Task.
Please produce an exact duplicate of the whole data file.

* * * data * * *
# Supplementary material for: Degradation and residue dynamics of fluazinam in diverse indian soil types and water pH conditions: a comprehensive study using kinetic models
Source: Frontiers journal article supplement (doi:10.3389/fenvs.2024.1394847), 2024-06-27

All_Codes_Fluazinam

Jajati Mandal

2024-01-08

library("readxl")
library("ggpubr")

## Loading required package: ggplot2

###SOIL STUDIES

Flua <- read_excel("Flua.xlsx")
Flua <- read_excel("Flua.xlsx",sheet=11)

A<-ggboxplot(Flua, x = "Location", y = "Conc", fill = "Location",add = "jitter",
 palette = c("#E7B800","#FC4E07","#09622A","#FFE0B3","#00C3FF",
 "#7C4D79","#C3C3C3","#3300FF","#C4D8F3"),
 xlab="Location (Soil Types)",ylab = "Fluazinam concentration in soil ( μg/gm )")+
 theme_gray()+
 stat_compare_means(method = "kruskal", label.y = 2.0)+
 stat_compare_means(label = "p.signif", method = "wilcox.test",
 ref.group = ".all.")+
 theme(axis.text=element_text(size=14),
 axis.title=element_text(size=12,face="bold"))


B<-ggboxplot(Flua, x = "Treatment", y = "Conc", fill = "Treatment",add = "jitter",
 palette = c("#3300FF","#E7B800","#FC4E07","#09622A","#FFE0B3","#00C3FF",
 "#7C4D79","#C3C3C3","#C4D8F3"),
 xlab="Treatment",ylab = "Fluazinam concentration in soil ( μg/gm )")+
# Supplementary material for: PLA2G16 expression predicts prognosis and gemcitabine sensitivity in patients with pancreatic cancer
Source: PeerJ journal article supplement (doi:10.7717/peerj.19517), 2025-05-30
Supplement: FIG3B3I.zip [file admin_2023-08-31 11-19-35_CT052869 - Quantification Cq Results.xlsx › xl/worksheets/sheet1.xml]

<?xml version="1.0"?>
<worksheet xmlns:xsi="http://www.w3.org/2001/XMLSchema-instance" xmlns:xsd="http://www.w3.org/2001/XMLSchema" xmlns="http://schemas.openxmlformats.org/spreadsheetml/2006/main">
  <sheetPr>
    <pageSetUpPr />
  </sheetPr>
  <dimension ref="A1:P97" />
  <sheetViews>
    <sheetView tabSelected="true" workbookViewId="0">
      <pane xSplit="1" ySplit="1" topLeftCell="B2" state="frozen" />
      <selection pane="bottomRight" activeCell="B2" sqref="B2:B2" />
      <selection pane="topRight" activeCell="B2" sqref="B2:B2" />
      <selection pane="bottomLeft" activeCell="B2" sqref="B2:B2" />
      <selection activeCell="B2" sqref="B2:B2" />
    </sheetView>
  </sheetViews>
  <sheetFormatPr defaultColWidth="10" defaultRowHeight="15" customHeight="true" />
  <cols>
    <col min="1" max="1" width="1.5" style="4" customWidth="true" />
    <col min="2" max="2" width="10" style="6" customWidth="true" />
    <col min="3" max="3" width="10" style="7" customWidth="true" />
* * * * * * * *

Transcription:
# Supplementary material for: Degradation and residue dynamics of fluazinam in diverse indian soil types and water pH conditions: a comprehensive study using kinetic models
Source: Frontiers journal article supplement (doi:10.3389/fenvs.2024.1394847), 2024-06-27

All_Codes_Fluazinam

Jajati Mandal

2024-01-08

library("readxl")
library("ggpubr")

## Loading required package: ggplot2

###SOIL STUDIES

Flua <- read_excel("Flua.xlsx")
Flua <- read_excel("Flua.xlsx",sheet=11)

A<-ggboxplot(Flua, x = "Location", y = "Conc", fill = "Location",add = "jitter",
 palette = c("#E7B800","#FC4E07","#09622A","#FFE0B3","#00C3FF",
 "#7C4D79","#C3C3C3","#3300FF","#C4D8F3"),
 xlab="Location (Soil Types)",ylab = "Fluazinam concentration in soil ( μg/gm )")+
 theme_gray()+
 stat_compare_means(method = "kruskal", label.y = 2.0)+
 stat_compare_means(label = "p.signif", method = "wilcox.test",
 ref.group = ".all.")+
 theme(axis.text=element_text(size=14),
 axis.title=element_text(size=12,face="bold"))


B<-ggboxplot(Flua, x = "Treatment", y = "Conc", fill = "Treatment",add = "jitter",
 palette = c("#3300FF","#E7B800","#FC4E07","#09622A","#FFE0B3","#00C3FF",
 "#7C4D79","#C3C3C3","#C4D8F3"),
 xlab="Treatment",ylab = "Fluazinam concentration in soil ( μg/gm )")+
# Supplementary material for: PLA2G16 expression predicts prognosis and gemcitabine sensitivity in patients with pancreatic cancer
Source: PeerJ journal article supplement (doi:10.7717/peerj.19517), 2025-05-30
Supplement: FIG3B3I.zip [file admin_2023-08-31 11-19-35_CT052869 - Quantification Cq Results.xlsx › xl/worksheets/sheet1.xml]

<?xml version="1.0"?>
<worksheet xmlns:xsi="http://www.w3.org/2001/XMLSchema-instance" xmlns:xsd="http://www.w3.org/2001/XMLSchema" xmlns="http://schemas.openxmlformats.org/spreadsheetml/2006/main">
  <sheetPr>
    <pageSetUpPr />
  </sheetPr>
  <dimension ref="A1:P97" />
  <sheetViews>
    <sheetView tabSelected="true" workbookViewId="0">
      <pane xSplit="1" ySplit="1" topLeftCell="B2" state="frozen" />
      <selection pane="bottomRight" activeCell="B2" sqref="B2:B2" />
      <selection pane="topRight" activeCell="B2" sqref="B2:B2" />
      <selection pane="bottomLeft" activeCell="B2" sqref="B2:B2" />
      <selection activeCell="B2" sqref="B2:B2" />
    </sheetView>
  </sheetViews>
  <sheetFormatPr defaultColWidth="10" defaultRowHeight="15" customHeight="true" />
  <cols>
    <col min="1" max="1" width="1.5" style="4" customWidth="true" />
    <col min="2" max="2" width="10" style="6" customWidth="true" />
    <col min="3" max="3" width="10" style="7" customWidth="true" />